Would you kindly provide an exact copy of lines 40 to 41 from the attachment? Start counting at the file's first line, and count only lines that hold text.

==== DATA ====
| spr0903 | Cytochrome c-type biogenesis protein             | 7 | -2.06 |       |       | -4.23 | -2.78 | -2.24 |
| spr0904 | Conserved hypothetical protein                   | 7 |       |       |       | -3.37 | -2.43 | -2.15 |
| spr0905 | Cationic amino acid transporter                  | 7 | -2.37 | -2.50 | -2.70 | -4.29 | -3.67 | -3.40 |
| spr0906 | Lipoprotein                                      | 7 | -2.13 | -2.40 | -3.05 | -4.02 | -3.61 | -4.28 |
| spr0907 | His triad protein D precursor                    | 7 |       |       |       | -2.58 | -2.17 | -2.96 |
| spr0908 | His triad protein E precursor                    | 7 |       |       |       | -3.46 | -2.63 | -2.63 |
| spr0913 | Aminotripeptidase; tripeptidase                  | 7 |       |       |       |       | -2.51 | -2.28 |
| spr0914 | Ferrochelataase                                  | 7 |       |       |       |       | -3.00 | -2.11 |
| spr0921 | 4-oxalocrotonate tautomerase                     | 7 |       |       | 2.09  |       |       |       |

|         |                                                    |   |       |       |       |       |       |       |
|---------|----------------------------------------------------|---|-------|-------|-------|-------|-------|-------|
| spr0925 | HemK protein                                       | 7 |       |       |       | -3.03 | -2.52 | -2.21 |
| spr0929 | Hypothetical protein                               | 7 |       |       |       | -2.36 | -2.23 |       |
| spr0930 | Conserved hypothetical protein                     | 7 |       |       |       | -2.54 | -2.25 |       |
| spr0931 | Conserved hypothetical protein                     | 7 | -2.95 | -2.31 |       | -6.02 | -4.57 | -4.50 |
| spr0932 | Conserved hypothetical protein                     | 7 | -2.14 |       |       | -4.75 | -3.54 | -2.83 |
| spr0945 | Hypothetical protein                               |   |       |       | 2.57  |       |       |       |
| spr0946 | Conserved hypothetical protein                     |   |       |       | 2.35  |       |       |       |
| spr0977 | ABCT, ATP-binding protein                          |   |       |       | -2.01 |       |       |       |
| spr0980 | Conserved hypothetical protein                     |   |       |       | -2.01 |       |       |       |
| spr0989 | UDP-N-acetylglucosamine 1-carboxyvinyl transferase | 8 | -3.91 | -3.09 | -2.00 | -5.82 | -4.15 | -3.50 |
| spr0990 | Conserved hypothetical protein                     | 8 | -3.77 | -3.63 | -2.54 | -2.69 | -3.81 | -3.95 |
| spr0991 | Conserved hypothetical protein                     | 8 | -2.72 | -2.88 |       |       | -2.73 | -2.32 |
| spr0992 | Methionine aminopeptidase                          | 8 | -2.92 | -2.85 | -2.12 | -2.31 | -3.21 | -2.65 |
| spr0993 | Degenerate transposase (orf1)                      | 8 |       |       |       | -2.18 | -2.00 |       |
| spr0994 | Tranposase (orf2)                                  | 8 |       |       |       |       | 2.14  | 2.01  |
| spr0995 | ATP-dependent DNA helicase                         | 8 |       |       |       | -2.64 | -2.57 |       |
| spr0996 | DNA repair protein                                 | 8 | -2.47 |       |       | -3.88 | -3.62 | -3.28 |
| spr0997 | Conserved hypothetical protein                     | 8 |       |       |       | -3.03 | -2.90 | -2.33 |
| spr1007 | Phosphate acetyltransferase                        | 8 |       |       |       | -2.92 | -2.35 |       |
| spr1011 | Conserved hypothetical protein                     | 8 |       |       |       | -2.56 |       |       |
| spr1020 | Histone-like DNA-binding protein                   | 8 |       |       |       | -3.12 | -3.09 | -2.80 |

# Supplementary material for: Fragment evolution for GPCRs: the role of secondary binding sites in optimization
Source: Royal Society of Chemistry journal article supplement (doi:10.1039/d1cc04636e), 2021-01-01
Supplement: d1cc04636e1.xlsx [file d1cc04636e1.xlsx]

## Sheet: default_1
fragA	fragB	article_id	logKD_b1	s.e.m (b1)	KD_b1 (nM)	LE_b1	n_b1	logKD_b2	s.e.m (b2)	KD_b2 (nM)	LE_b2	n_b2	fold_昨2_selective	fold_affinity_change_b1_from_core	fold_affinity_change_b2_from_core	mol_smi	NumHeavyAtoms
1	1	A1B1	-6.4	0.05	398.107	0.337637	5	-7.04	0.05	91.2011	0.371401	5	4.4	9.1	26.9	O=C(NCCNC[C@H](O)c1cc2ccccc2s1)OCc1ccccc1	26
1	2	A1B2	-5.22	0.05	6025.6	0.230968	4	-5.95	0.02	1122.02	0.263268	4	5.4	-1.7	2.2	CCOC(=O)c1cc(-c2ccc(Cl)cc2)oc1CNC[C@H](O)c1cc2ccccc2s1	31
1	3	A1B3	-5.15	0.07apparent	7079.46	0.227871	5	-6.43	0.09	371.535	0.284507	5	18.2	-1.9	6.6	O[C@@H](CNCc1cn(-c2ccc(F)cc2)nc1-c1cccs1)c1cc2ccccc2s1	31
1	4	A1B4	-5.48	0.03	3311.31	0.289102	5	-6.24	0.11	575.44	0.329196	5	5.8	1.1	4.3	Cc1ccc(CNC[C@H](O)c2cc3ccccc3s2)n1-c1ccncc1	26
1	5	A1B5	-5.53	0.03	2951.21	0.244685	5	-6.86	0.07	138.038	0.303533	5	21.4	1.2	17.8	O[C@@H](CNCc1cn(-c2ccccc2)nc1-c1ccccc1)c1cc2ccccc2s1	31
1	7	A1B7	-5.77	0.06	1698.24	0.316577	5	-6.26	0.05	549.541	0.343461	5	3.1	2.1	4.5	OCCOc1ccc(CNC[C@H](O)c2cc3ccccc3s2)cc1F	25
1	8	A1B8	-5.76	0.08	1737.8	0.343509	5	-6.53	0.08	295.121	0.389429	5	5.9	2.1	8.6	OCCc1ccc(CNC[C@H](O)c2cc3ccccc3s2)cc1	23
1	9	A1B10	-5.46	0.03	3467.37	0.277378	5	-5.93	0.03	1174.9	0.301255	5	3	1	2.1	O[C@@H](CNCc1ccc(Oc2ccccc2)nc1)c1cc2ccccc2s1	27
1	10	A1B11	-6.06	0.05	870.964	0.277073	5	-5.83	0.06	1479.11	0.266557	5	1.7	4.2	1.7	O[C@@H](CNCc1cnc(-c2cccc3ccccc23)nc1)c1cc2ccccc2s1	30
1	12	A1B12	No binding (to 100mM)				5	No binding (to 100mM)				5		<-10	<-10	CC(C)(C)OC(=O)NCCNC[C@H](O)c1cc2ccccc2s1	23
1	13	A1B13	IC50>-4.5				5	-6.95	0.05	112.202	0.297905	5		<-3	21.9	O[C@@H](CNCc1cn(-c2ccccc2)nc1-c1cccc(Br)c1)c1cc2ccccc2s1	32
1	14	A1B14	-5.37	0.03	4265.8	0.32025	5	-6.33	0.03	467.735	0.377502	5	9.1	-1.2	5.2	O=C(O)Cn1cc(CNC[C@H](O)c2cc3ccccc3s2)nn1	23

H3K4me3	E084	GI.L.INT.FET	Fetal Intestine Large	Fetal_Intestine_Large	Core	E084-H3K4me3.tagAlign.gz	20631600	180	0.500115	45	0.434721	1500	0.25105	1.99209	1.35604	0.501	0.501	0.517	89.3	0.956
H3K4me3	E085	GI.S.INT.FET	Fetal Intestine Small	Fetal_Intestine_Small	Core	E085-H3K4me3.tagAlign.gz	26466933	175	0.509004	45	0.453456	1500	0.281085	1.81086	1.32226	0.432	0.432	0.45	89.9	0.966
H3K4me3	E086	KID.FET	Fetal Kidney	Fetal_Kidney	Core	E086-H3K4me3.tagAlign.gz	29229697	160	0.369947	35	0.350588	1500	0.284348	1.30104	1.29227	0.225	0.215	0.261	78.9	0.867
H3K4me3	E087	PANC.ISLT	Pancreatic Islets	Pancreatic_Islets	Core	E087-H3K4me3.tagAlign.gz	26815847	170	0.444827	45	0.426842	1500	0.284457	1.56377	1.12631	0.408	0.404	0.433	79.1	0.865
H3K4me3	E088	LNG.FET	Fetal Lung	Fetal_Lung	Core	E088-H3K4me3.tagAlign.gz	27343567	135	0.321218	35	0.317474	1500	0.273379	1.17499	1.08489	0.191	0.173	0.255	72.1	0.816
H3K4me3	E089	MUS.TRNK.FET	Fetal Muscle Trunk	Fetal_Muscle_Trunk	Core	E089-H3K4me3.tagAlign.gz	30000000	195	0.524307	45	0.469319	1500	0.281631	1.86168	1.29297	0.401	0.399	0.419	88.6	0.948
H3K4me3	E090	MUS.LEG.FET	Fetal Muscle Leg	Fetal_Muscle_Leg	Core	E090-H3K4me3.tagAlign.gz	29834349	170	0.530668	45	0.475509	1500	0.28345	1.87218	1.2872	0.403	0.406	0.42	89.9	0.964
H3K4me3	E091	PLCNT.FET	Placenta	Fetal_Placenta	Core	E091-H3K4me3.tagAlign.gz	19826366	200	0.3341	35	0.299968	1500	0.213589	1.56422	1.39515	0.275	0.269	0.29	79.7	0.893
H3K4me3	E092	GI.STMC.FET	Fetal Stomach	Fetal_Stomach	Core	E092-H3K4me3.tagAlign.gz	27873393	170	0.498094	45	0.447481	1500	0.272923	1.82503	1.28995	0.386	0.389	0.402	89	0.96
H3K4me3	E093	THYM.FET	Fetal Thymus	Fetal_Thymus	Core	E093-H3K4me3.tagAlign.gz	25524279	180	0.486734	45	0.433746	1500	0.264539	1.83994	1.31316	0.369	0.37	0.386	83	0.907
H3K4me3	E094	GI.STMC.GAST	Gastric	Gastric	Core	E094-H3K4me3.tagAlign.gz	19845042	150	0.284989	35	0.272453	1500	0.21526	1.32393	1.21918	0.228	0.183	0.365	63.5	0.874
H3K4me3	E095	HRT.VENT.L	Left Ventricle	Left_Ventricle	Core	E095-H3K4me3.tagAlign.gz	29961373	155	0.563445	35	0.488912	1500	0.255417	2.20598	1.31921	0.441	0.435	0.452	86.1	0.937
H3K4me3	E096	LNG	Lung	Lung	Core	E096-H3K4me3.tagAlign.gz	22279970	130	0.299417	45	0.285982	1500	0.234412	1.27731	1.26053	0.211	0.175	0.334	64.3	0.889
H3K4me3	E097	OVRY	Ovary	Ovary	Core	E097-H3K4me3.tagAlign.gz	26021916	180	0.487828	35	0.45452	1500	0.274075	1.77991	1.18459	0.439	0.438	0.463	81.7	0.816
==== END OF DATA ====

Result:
1	3	A1B3	-5.15	0.07apparent	7079.46	0.227871	5	-6.43	0.09	371.535	0.284507	5	18.2	-1.9	6.6	O[C@@H](CNCc1cn(-c2ccc(F)cc2)nc1-c1cccs1)c1cc2ccccc2s1	31
1	4	A1B4	-5.48	0.03	3311.31	0.289102	5	-6.24	0.11	575.44	0.329196	5	5.8	1.1	4.3	Cc1ccc(CNC[C@H](O)c2cc3ccccc3s2)n1-c1ccncc1	26